If you thought the economy was starting to pick up and perhaps was even off to the races after months of positive GDP growth and much better than expected consumer health, think again. That's according to, Nouriel Roubini, professor of economics at New York University, who says the U.S. economy is destined for another recession in 2012 on account of partisan politics in Washington.
On Monday, after the bipartisan 12-member super committee announced its failure to agree upon $1.2 trillion in cuts over the next 10 years, Roubini, also known as Dr. Doom, tweeted the following: "Super-Committee: Super-Failure, Super-Pathetic, Super-Gridlock, Super-GOP-Lunacy on Taxes, Super-Fiscal Drag in 2012 that ensures double dip."
But his prediction goes beyond the partisan bickering of the committee tasked to cut the country's budget deficits. His point rests upon the inability of ALL Republicans and Democrats in Washington to work together on any economic issue that would benefit the good of the country. He does note that more blame should be laid at the feet of Republicans for their unwillingness to compromise.
Recession Baked Into 2012
Two key laws are set to expire at the end of this year: the payroll tax cut and an extension of unemployment benefits. Both relief measures were supposed to be rolled into the super committee debt deal, but now face imminent expiration due to the "super-failure."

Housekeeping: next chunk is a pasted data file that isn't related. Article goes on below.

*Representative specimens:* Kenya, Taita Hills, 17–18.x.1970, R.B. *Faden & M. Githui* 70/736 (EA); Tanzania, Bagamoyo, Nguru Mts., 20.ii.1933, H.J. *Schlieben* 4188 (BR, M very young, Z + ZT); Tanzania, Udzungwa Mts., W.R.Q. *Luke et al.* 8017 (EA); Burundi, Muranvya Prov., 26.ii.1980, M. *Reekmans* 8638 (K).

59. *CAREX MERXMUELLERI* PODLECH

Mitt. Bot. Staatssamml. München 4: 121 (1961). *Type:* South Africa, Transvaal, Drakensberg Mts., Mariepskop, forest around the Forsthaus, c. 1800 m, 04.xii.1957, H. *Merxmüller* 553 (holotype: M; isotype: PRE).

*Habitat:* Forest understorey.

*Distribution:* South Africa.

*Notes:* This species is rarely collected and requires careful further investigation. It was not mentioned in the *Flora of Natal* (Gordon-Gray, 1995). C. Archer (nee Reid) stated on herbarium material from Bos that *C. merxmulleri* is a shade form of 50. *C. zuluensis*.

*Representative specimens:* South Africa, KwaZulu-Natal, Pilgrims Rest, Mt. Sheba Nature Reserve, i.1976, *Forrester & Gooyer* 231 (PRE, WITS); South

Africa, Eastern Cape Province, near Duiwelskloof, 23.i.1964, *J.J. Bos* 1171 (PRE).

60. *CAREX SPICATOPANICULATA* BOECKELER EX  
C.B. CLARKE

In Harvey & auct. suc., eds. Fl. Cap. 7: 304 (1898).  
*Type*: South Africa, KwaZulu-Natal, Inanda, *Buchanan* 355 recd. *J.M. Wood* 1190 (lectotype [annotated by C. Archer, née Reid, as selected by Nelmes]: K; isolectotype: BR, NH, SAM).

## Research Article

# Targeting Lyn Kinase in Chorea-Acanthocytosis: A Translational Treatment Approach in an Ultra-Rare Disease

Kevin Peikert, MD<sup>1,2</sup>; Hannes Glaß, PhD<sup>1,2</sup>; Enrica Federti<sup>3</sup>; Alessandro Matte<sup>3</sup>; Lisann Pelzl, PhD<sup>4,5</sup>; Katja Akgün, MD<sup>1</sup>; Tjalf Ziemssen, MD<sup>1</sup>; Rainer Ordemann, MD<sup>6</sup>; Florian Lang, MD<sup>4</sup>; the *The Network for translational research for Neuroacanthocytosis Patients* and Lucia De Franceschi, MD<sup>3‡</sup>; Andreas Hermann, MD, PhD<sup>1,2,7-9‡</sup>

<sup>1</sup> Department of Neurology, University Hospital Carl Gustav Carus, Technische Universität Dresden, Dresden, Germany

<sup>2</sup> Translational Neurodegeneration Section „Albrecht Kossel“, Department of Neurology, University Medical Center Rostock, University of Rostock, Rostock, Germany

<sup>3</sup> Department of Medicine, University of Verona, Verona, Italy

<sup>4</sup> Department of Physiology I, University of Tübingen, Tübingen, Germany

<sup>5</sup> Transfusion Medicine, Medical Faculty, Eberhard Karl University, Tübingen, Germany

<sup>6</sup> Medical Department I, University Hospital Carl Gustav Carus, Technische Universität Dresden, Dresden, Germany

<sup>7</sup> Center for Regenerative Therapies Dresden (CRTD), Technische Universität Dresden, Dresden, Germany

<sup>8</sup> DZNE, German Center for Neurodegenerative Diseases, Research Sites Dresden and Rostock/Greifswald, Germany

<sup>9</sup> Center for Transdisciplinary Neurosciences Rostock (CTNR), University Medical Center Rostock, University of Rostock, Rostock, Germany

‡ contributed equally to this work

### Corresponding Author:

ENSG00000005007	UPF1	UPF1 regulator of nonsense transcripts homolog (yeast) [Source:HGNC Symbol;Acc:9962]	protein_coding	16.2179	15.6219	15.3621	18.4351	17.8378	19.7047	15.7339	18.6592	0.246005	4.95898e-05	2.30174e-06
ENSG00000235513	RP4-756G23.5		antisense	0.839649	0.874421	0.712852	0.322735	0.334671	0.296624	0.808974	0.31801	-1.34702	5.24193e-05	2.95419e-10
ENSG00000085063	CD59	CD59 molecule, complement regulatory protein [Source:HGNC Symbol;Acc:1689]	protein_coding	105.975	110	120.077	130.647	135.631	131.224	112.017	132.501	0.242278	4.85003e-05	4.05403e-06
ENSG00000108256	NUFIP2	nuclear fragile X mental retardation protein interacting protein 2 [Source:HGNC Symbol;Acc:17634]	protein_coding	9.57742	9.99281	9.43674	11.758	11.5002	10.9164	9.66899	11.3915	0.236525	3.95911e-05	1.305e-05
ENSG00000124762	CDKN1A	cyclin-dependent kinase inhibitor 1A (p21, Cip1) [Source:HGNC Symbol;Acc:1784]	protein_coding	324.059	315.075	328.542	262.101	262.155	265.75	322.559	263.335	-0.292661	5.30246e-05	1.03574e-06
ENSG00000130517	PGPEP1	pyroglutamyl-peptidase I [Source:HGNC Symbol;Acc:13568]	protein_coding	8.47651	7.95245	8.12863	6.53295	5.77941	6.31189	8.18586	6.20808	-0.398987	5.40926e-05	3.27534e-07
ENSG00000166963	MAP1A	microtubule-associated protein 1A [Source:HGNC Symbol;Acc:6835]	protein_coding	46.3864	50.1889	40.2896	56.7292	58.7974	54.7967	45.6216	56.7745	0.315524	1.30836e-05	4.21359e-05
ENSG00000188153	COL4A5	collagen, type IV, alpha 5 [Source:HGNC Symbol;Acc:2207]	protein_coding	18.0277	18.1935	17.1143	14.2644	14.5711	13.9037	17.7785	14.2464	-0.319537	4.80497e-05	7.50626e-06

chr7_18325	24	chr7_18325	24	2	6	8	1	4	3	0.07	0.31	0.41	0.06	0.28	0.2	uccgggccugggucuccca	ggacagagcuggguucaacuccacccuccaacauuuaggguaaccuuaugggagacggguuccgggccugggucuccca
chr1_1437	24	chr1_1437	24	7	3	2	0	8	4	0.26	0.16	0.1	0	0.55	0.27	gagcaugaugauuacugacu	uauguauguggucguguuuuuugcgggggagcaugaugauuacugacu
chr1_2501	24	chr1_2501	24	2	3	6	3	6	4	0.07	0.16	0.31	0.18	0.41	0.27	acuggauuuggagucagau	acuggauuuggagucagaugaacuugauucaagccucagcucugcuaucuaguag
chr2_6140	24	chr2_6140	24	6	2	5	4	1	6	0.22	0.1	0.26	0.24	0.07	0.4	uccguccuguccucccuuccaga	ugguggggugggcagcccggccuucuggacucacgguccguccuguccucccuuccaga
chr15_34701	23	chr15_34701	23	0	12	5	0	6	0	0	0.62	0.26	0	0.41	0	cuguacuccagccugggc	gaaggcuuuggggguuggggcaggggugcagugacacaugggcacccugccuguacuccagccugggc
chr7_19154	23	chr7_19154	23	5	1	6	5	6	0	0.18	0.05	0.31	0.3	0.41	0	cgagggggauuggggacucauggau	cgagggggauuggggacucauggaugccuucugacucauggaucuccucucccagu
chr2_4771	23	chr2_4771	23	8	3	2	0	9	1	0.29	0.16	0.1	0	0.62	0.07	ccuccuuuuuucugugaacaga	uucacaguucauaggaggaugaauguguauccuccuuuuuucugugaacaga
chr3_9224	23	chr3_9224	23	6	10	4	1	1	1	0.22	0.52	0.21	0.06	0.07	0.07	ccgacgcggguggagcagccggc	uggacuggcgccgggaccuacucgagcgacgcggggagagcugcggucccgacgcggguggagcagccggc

If Congress cannot come together to extend these programs, Roubini, also the chairman of Roubini Global Economics, predicts a "fiscal drag will be $350 billion, 2.3% of GDP," in 2012. Even if elected officials can come to agreement on both issues, the fiscal drag for next year will amount to $200 billion, or 1.3% of GDP, he says.
"If the economy is growing only 1.5%-2% and you get a fiscal drag of 1.3% -- that's the difference between a growth recession and effectively zero growth," he explains.
The other factor to impact the U.S. economy next year is Europe. Without the European sovereign debt crisis, America's 2012 recession would be "mild," says Roubini. But Europe's crisis is more than two-years in the making and getting worse by day. If the situation continues to spread in a disorderly fashion, Roubini expects the shock to global economies and markets to be "worse than the disorderly collapse of Lehman in the fall of 2008."
Stay tuned to parts two and three of this interview.